Mt. A library’s aquisitions budget cut by $50,000

Restricted endowment covers costs but favours only specific programs 

In response to the provincial tuition freeze and cuts to provincially mandated grants, Mount Allison’s budget has been cut and adjusted, including a $50,000 cut to the library’s budget for acquisitions.
“The acquisitions budget was one of many areas of the university that was cut,” said Dr. Karen Grant, Mt. A provost and vice-president academics and research. “The decision was taken that we would try to find places where we could make some cuts and try to retain the level of service that we could where possible.” Grant said it was anticipated that the library would be able to offset this loss to the operating budget due to what she described as a “healthy endowment funds.”
Head University Librarian Marc Truitt said that the university asked for help in responding to these events and circumstances, over which the university administration has no control. “In some ways, this budget cut is the least of my worries about the library’s budgetary situation,” said Truitt. “I’ve been able, mostly, to make up for that cut this year with income from other sources, mainly from some endowment income,” he said. Though endowment income contributes to library acquisitions every year, 80 per cent of these endowments are restricted, by request, to particular departments or subjects.
“If your department doesn’t happen to have dedicated endowment income, then in essence we are left with what we can scrape up in terms of either operating money or unrestricted endowment income,” said Truitt.
The cost of maintaining subscriptions to online journals and databases has taken a toll on the budget. “Virtually all of our operating money this year had to start off by going to pay the bills for the e-resources,” said Truitt. After e-resources are accounted for, whatever operating money is left over goes toward books, he said. However, prices of books also pose a problem: While they continually increase, the value of the Canadian dollar decreases, and most books are purchased in U.S. dollars. Still-rising costs in the face of a frozen budget have contributed to a year in which “we’re hardly buying any books,” said Truitt.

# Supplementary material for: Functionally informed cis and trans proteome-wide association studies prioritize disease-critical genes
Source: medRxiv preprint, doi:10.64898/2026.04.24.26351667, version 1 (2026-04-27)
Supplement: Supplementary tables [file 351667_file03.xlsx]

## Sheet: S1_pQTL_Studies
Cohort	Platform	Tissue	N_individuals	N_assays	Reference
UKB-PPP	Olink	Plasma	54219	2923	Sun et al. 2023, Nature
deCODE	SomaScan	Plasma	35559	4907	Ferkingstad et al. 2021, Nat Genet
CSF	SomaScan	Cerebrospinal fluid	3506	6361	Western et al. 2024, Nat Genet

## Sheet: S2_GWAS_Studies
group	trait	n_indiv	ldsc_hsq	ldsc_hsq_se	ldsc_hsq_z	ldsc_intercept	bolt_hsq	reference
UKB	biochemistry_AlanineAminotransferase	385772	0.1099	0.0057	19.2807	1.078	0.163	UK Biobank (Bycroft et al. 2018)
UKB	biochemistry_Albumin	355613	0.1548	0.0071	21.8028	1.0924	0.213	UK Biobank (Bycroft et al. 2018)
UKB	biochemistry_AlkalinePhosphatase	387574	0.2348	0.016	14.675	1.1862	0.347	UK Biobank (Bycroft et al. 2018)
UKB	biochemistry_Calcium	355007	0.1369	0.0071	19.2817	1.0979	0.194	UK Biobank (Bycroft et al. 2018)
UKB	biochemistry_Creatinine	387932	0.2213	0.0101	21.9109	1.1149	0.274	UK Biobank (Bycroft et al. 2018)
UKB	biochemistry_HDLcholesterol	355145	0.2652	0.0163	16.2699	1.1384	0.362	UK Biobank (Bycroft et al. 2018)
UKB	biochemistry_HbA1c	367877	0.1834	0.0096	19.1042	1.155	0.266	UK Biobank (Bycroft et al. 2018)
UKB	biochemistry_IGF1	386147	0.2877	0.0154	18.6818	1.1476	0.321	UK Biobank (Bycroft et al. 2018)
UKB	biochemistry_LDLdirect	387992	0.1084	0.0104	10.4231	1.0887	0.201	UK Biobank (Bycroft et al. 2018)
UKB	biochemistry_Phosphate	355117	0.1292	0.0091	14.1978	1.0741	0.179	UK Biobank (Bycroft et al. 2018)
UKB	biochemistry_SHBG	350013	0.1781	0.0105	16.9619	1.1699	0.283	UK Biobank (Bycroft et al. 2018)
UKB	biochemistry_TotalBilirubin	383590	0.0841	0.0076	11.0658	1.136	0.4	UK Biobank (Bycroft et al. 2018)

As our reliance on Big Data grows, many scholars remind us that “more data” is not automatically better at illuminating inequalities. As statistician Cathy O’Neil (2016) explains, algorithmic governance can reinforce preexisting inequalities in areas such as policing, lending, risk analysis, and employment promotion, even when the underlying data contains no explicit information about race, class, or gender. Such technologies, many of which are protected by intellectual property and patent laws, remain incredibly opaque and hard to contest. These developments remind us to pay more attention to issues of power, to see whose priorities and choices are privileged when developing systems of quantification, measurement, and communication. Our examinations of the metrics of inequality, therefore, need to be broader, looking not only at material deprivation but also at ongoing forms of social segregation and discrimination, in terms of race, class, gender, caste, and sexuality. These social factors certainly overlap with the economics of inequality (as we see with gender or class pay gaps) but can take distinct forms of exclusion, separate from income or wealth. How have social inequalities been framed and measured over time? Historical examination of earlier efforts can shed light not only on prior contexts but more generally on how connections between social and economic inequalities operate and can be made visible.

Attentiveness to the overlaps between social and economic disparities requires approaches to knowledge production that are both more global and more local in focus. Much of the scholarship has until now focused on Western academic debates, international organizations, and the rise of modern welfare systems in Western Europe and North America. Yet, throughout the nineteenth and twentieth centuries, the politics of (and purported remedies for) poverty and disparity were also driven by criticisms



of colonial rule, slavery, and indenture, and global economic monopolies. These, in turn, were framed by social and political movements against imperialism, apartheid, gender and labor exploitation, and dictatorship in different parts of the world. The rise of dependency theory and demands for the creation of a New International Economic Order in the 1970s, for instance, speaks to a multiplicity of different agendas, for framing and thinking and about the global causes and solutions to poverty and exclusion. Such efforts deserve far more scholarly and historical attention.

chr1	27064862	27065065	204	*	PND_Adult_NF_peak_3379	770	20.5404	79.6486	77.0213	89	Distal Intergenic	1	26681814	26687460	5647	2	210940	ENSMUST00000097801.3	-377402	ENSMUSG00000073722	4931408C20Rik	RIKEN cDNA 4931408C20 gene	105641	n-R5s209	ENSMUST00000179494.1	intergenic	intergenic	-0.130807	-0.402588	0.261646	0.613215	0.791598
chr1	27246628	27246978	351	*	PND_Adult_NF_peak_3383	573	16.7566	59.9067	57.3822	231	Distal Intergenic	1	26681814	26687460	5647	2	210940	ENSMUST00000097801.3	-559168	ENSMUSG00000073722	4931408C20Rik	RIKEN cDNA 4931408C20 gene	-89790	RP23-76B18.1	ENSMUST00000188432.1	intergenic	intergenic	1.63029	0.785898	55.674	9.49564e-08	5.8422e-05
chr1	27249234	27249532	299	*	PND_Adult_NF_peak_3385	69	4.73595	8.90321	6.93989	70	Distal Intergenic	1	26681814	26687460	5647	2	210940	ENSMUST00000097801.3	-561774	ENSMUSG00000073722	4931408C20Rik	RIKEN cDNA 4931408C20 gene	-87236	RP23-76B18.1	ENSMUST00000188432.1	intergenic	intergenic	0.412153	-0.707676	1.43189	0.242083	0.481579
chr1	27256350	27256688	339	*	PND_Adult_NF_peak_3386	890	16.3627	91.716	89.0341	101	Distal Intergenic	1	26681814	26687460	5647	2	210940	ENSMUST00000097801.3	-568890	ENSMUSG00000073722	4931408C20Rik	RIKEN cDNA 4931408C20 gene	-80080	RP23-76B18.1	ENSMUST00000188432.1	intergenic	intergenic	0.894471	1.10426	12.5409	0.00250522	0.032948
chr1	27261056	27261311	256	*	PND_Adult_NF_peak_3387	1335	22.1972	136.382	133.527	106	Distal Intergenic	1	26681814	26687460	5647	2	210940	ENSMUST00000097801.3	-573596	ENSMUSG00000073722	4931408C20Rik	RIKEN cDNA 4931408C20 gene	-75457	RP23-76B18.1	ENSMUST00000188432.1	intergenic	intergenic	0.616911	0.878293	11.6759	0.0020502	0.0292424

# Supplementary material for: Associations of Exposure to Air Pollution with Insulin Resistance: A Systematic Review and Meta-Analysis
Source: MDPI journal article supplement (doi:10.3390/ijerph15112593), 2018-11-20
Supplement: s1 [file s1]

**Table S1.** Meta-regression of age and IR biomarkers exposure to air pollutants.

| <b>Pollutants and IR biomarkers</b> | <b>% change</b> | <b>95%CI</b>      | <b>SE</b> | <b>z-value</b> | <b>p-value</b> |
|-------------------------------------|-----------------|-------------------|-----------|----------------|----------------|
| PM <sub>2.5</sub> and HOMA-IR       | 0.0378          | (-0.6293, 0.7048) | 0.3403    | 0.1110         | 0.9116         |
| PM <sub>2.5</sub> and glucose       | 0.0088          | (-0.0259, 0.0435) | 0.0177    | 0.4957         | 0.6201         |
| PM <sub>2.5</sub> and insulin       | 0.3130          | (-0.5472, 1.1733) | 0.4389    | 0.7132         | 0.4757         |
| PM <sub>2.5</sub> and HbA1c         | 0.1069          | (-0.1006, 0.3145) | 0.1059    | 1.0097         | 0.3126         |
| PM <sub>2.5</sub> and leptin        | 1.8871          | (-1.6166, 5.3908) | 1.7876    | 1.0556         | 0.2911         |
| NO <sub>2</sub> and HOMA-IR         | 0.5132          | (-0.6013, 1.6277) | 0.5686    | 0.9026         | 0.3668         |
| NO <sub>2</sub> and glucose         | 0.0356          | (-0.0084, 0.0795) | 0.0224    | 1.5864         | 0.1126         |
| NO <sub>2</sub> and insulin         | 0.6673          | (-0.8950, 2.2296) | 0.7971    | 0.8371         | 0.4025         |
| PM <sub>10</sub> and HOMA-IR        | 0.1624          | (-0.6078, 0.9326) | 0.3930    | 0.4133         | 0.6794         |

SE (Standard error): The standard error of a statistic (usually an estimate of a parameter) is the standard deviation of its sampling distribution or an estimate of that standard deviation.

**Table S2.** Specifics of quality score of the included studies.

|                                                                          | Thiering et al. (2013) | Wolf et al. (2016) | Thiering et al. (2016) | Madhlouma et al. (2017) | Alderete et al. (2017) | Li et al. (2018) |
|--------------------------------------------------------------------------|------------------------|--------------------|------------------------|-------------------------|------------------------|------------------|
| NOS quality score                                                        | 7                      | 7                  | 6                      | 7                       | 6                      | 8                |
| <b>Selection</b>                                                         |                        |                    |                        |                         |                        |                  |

This has been felt by professors and students across campus. Dr. Christina Ionescu of the modern languages department said that she is beyond talking about her own needs as a researcher, as she has been unable to acquire basic materials like dictionaries for her classes. “With languages, it’s particularly important because a language changes constantly,” she said, “so you have to have those up-to-date materials in the library for students.”
Web of Science, a valuable database used extensively by the faculty of science, had to be given up this year as it was too costly, quoted most recently at $42,000 per year. Subscriptions to this database are being cancelled in institutions across Canada, said Truitt, as it has become unsustainable in the changing environment of scholarly publications. Though some sciences may have larger endowment funds available, he said, their materials tend to be priced more highly, so everyone is feeling the effects of these cuts.
“The librarians especially have been concerned about it because it frustrates them,” said Truitt. “They work hard to try to meet the teaching and research needs of the faculty and students here, so it’s frustrating to them when they can’t do that as well.”
One librarian, who has requested anonymity, said the librarians have had huge concerns about the changes. After years of a flat budget and cuts already having to be made to journal and database subscriptions, this cut to acquisitions is “gutting the library,” said this librarian.
The departments of psychology, political science, environmental studies, modern languages and sociology, among others, which have no designated endowment funds, will consequently be “getting very few new books this year.”
“The university has taken a very strong decision for many years that we will live within our means,” said Grant, “that we’re not going to saddle future generations with the debt that we incur because of the things that we do today.
“At the end of the day, I think that we’ve tried to do as well as we can under quite restrained circumstances,” said Grant.

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